What is the process by which someone becomes a Washington eminence? A young person, of either Republican or Democratic persuasion, hits town with big dreams, perhaps alighting from Union Station to join the taxi queue and take in that first, breath-stopping glimpse of the Capitol dome. He has a contact or two, or perhaps a low-level assignment already waiting for him, and onward he charges to bend the beast to his will.
It’s all very exciting at first. He beams with self-regard as he learns to navigate the tunnels that join the Capitol to the House and Senate office buildings; he lets his government ID dangle conspicuously around his neck while out for beers. Then the years begin to pass. Our young person sees that the beast has not been tamed, indeed has only grown more ferocious. He must decide whether he’s willing to make the necessary accommodations to this reality.
If he does, and if he possesses genuine intelligence and talent, which distressingly few such people do, he will make his ascent. Eventually he may hold office himself, or in some other capacity become prominent enough for the newspapers to begin to notice him. At this point, the question of “profile” becomes important. How will he want to be known, described in The Washington Post? With what issues will he seek to identify himself? These must be chosen with care. Nothing too dreamy. The more counterintuitive the better—a Democrat with a passion for defense issues, say, which is what the youngish Al Gore was, or a Republican who seems to care about poverty, which is why Jack Kemp remains so lionized in Washington memory.
He will want to amass friends, of course, on “both sides of the aisle.” He’ll strive to steer clear of fire-breathing partisanship (this is a rule of long standing, although conservatives in particular obey it with less frequency these days). Above all, he must be the type of person who will focus, to reverse the old cliché, on the trees rather than the forest. Washington’s use for big-picture idealists is scant. What this city wants is people who accept bending to the beast’s will.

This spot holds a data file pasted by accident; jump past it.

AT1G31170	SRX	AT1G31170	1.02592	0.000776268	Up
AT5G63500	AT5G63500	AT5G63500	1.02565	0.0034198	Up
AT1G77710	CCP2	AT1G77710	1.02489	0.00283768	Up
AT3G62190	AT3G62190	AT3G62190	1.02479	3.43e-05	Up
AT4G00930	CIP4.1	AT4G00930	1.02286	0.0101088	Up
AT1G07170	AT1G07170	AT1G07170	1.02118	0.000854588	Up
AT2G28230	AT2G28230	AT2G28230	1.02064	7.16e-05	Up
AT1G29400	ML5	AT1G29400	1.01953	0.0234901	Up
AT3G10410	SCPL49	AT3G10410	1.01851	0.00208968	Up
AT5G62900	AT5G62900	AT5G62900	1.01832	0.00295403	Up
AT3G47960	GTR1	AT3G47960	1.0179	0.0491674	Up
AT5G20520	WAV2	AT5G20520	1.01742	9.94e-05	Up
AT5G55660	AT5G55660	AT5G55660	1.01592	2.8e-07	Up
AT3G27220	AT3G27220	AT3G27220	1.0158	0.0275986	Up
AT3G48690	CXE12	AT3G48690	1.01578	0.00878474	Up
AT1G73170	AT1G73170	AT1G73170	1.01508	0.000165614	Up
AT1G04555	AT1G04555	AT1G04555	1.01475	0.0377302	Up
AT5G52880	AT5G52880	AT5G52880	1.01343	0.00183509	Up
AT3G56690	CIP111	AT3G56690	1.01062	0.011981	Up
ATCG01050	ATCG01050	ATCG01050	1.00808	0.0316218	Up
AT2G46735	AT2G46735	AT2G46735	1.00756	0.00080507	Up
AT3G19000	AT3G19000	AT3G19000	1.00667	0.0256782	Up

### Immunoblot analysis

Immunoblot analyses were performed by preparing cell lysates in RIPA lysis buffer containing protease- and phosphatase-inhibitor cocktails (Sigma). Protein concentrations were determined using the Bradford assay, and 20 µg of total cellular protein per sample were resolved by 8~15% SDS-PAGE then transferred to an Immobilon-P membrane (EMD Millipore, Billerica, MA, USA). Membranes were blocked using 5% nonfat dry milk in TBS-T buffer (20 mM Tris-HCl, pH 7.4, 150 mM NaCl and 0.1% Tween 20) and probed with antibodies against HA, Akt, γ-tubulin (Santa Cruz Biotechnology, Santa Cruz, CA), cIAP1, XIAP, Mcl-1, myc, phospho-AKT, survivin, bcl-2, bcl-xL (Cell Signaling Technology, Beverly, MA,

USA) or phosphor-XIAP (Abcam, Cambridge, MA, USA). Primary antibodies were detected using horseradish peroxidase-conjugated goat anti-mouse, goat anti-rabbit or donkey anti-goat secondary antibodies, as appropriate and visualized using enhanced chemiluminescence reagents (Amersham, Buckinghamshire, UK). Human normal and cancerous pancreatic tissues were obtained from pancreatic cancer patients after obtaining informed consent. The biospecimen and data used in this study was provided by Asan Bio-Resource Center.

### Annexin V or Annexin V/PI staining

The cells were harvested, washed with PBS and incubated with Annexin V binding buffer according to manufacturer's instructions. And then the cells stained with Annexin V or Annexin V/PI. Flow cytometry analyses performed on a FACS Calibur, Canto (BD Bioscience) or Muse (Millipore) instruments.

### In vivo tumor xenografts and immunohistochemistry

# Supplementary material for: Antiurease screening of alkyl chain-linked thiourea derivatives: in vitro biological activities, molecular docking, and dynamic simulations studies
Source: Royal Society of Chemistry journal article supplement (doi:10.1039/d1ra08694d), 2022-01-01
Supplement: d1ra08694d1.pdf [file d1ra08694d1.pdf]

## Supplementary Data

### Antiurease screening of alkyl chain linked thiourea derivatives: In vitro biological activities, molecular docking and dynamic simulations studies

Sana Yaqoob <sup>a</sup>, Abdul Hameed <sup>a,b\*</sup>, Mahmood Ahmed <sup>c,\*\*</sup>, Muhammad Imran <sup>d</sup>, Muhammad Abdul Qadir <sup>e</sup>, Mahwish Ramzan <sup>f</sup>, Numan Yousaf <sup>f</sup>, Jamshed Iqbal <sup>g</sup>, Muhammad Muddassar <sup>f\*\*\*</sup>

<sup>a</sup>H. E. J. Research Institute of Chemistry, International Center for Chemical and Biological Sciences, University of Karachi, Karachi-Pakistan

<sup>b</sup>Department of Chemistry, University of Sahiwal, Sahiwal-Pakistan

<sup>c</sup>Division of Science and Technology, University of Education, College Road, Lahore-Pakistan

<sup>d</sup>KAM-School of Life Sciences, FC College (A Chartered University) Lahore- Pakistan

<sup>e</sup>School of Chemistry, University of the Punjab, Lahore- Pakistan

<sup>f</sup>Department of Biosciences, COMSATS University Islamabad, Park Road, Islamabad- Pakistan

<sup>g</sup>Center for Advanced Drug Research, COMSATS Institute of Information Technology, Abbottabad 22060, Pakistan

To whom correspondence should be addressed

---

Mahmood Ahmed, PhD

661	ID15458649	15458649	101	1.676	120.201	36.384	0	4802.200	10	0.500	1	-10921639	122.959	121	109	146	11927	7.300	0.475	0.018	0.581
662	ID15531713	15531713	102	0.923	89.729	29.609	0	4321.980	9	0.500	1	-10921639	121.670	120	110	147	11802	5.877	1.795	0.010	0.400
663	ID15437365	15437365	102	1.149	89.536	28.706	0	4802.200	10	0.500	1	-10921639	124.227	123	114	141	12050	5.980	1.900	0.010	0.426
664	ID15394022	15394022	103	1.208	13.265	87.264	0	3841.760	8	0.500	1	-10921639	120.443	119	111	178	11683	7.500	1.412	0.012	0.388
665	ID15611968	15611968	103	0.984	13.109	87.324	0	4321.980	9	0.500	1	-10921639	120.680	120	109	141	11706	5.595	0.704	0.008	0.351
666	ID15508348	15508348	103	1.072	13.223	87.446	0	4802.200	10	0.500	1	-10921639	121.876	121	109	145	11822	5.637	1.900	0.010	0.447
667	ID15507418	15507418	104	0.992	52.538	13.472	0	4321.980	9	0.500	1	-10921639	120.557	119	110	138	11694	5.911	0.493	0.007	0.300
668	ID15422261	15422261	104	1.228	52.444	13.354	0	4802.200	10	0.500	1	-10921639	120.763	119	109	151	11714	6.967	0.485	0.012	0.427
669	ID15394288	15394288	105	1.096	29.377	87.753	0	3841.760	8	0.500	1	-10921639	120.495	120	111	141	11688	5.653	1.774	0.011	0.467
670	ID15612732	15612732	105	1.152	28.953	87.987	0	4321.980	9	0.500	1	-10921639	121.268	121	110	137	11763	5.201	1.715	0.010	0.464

One might ask why the world needed a memoir from Leon Panetta, the Washington eminence who served most recently as President Obama’s defense secretary. And it must be said that across nearly five hundred pages, he doesn’t demonstrate the need with thundering conviction. For long passages, Worthy Fights is simply a dull book, a victim of the author’s prolixity, or of his assumption that readers are aching to learn the behind-the-scenes details about often mundane bureaucratic decisions on questions ranging from the budget to intelligence.
This assumption appears to derive from the fact that Panetta suffers from no deficit in self-esteem. The book has just started when he stops to inform us that his life, and by implication ours, could have been very different…
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